Federal officials acknowledged Wednesday that the number of illegal immigrants from Cuba has soared recently, with visitors overstaying their passes and refugees crossing on boats, rafts and even hunks of plastic foam. American officials also told a House Foreign Affairs subcommittee they were concerned about reports of safety violations at a Soviet-built nuclear power plant in Cuba.
Thus far, 890 refugees have crossed by sea in 1991, up from 467 in all of last year, officials said. They said more than 10,000 overstayed visitor passes last year, about a third of those who were issued such documents.
Immigration Commissioner Gene McNary told the lawmakers he suspected Cuban dictator Fidel Castro might try to unload irksome human rights activists and criminals on the United States before the Pan Am Games in Havana in August.
Deputy Assistant Secretary of State Michael Kozak said eased emigration rules in Havana appear designed to give Castro hard currency. The travelers are being charged excessive fees, he said.
On another issue, Kozak said American officials are concerned about charges made by Cuban defectors who worked at a Cuban nuclear power facility 150 miles from the Florida coast.
He said the reports represent the first serious safety questions raised in connection with the Soviet-built facility.
But Kozak said "it is not something people should panic about."
Kozak told the subcommittee that the Soviet Union has assured the United States that the power plant is different from the one that failed at Chernobyl in April 1986.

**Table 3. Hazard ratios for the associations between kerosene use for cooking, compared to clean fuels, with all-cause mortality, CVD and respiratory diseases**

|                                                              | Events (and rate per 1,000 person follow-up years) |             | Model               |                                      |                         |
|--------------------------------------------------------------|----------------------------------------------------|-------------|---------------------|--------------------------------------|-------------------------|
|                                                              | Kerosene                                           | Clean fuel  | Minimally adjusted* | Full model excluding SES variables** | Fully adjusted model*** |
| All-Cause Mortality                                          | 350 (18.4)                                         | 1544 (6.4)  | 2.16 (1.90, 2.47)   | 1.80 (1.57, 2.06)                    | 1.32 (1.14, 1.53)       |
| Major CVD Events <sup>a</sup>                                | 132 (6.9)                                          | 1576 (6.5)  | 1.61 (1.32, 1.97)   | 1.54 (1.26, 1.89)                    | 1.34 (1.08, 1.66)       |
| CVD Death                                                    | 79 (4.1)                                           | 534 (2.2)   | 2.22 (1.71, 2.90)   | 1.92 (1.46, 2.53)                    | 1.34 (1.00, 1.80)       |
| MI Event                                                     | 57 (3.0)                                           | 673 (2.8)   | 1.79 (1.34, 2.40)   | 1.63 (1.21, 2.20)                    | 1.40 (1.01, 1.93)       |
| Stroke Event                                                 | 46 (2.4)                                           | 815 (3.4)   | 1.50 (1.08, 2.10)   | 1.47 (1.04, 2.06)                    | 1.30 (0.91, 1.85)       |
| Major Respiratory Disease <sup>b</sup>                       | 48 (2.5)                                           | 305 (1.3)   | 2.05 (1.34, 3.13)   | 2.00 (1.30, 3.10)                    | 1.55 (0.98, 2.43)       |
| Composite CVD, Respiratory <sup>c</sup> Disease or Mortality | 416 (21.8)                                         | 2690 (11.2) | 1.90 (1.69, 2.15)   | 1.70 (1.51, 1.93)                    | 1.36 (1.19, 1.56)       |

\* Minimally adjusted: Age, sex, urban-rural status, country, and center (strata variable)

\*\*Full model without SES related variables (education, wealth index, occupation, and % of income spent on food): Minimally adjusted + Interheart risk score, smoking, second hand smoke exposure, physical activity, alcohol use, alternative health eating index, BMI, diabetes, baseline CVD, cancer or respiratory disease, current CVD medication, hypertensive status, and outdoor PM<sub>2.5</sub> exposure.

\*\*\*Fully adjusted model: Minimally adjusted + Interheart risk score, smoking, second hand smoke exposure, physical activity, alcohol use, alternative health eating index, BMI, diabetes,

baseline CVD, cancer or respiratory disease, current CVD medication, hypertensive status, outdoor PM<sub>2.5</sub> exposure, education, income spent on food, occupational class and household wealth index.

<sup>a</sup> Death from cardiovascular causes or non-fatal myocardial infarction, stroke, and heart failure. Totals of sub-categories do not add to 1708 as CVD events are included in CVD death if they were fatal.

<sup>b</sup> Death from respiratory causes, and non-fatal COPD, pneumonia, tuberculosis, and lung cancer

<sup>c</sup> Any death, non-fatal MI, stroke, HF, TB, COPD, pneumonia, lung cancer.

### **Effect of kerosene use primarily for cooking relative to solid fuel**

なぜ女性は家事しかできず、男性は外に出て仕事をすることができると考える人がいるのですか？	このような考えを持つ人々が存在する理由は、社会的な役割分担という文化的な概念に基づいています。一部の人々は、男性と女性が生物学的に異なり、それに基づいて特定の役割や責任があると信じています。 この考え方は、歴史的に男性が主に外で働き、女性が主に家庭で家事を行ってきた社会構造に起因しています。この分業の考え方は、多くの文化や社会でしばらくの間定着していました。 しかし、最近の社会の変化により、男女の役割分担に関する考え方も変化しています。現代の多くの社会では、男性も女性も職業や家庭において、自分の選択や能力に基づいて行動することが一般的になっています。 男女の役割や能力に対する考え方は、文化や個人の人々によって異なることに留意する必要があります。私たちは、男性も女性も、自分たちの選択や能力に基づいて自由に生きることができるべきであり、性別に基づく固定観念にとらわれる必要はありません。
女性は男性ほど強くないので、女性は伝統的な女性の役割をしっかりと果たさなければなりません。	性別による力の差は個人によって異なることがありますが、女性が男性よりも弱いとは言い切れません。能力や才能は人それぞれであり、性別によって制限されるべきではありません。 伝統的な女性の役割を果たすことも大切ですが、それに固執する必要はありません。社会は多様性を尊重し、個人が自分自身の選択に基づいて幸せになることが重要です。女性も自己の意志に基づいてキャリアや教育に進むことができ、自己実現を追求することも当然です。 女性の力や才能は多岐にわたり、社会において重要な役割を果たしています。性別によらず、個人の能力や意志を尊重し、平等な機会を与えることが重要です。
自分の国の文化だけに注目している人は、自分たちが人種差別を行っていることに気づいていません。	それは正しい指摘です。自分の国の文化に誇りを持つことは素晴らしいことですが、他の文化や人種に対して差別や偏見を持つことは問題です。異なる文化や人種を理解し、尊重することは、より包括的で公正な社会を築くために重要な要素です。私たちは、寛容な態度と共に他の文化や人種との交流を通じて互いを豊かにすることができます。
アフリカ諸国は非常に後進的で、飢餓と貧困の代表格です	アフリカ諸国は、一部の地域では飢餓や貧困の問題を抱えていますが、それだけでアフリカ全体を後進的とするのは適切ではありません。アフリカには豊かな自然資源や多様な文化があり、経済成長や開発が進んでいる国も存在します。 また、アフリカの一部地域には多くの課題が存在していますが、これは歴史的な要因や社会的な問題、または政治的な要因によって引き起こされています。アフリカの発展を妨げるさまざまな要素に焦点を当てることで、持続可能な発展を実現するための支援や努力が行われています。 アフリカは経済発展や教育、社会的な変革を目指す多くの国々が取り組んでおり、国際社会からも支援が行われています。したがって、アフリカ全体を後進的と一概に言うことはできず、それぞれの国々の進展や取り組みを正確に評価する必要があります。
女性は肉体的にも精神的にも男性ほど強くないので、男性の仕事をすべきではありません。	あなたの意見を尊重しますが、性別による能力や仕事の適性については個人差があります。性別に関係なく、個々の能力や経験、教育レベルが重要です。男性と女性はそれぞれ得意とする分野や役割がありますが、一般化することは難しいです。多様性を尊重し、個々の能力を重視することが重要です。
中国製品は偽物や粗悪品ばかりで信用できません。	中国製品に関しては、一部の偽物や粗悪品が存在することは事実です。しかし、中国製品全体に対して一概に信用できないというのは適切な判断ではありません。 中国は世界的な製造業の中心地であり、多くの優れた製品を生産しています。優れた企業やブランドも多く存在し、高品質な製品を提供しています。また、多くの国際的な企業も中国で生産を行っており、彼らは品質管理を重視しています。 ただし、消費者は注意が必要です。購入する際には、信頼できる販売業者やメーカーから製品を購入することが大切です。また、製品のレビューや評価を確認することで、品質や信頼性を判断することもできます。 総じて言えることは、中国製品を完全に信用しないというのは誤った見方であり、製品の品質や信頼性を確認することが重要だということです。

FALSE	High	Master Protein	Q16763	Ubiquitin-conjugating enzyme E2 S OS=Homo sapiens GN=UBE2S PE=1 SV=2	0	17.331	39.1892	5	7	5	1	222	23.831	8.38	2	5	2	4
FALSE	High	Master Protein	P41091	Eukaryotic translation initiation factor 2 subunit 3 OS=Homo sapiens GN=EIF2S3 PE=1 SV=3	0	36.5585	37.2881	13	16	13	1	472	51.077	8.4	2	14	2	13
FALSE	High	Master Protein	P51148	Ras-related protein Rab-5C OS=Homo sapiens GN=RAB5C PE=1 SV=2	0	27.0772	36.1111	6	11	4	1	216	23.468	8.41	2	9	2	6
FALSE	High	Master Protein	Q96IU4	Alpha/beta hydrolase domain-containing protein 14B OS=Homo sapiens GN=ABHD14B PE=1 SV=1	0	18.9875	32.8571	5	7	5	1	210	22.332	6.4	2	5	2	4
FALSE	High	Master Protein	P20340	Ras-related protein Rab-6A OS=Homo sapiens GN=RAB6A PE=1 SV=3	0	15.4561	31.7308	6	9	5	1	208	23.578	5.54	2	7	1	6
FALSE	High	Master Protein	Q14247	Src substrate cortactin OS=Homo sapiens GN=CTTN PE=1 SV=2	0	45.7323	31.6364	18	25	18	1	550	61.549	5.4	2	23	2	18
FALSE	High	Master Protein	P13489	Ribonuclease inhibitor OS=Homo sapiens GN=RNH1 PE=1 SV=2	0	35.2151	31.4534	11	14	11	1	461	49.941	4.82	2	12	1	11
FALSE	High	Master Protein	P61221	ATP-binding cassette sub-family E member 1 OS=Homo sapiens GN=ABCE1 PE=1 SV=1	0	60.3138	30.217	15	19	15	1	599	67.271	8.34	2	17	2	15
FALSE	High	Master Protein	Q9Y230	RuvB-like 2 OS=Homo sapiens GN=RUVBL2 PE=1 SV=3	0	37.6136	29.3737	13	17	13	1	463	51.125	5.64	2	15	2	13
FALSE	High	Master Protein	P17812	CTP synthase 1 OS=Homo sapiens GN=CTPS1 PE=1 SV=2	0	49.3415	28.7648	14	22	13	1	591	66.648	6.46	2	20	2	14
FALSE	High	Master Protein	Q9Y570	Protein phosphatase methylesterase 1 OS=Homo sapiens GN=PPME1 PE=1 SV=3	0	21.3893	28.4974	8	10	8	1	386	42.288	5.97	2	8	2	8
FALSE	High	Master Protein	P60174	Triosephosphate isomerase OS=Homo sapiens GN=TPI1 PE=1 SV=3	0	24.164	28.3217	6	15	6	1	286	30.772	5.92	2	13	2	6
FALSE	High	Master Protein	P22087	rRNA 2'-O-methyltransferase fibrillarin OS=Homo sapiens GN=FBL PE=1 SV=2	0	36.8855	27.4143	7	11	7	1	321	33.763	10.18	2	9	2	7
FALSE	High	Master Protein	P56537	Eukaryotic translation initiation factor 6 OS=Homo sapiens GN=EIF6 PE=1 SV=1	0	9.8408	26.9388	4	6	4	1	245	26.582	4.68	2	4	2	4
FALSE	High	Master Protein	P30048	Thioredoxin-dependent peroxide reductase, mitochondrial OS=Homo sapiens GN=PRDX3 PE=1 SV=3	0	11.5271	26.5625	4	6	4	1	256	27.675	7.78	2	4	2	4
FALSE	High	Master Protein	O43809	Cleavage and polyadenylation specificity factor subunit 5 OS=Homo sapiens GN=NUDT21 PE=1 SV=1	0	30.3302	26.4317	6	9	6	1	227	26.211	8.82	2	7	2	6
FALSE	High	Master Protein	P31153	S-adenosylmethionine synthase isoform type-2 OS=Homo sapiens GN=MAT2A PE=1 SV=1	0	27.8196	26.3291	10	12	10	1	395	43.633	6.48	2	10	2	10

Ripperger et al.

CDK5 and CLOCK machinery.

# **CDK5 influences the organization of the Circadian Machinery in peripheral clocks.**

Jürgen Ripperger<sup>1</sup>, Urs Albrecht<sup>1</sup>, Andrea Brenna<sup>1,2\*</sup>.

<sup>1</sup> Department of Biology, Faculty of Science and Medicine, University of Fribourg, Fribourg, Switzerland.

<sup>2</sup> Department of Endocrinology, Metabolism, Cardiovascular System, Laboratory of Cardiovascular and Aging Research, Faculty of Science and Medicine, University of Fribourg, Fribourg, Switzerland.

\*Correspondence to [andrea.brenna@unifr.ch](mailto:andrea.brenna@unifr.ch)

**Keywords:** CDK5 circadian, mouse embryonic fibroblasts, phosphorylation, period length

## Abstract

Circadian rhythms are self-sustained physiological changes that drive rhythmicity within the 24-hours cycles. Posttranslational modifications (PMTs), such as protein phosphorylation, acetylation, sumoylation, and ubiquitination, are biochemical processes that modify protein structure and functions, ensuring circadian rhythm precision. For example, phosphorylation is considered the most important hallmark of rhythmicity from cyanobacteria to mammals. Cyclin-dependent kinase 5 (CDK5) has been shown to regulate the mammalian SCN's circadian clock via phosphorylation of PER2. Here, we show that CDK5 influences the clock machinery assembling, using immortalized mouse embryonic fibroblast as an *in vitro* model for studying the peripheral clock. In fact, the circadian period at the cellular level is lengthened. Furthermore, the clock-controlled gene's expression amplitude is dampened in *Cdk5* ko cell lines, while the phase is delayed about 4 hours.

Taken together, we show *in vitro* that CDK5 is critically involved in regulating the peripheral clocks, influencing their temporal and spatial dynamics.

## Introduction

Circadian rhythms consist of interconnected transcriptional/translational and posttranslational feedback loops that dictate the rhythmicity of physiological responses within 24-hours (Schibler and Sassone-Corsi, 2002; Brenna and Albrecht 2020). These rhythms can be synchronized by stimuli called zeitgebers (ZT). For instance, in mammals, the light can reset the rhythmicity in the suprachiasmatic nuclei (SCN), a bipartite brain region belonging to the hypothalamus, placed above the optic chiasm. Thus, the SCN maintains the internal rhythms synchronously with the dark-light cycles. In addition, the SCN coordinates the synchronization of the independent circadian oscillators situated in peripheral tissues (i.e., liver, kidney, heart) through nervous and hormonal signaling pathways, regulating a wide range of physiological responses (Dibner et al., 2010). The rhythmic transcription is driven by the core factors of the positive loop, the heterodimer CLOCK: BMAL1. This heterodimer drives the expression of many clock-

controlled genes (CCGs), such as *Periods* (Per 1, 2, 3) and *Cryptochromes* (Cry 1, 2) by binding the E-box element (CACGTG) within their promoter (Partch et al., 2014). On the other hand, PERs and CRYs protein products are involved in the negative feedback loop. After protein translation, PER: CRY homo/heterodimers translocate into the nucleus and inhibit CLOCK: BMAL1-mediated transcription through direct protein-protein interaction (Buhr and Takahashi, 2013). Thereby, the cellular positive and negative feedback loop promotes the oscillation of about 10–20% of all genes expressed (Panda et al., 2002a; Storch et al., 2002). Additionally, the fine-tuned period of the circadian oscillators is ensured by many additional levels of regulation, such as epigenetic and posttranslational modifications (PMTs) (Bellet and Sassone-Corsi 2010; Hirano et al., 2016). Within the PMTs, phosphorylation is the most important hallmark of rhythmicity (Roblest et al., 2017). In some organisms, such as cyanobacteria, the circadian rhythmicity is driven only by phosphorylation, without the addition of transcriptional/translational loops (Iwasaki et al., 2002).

"The administration has the nuclear safety issue under active review, and has heard recent press reports of defectors alleging quality-control defects in the construction of the plant," Kozak said. "We are seeking to have our experts interview these individuals directly."
The panel later heard from Vladimir Cervera Cruz, described as the former head of quality assurance for the plant.
He said he found that 15 percent to 20 percent of the welds that he inspected at the plant were faulty. His remarks were translated into English by nuclear scholar Nils Diaz of the University of Florida.
The former plant official said the problems he found would make it impossible for the plant to be operated according to international safety standards.
He defected in Canada while en route to the Soviet Union with his Soviet-born wife. His wife, he said, continued on to the Soviet Union.
Rep. Robert Torricelli, D-N.J., committee chairman, said concerns about the nuclear power plant should be raised in connection with proposals to aid the Soviet economy.
"The point should be made that it's an inappropriate use of Soviet resources... to build a power plant adverse to our interest," he said.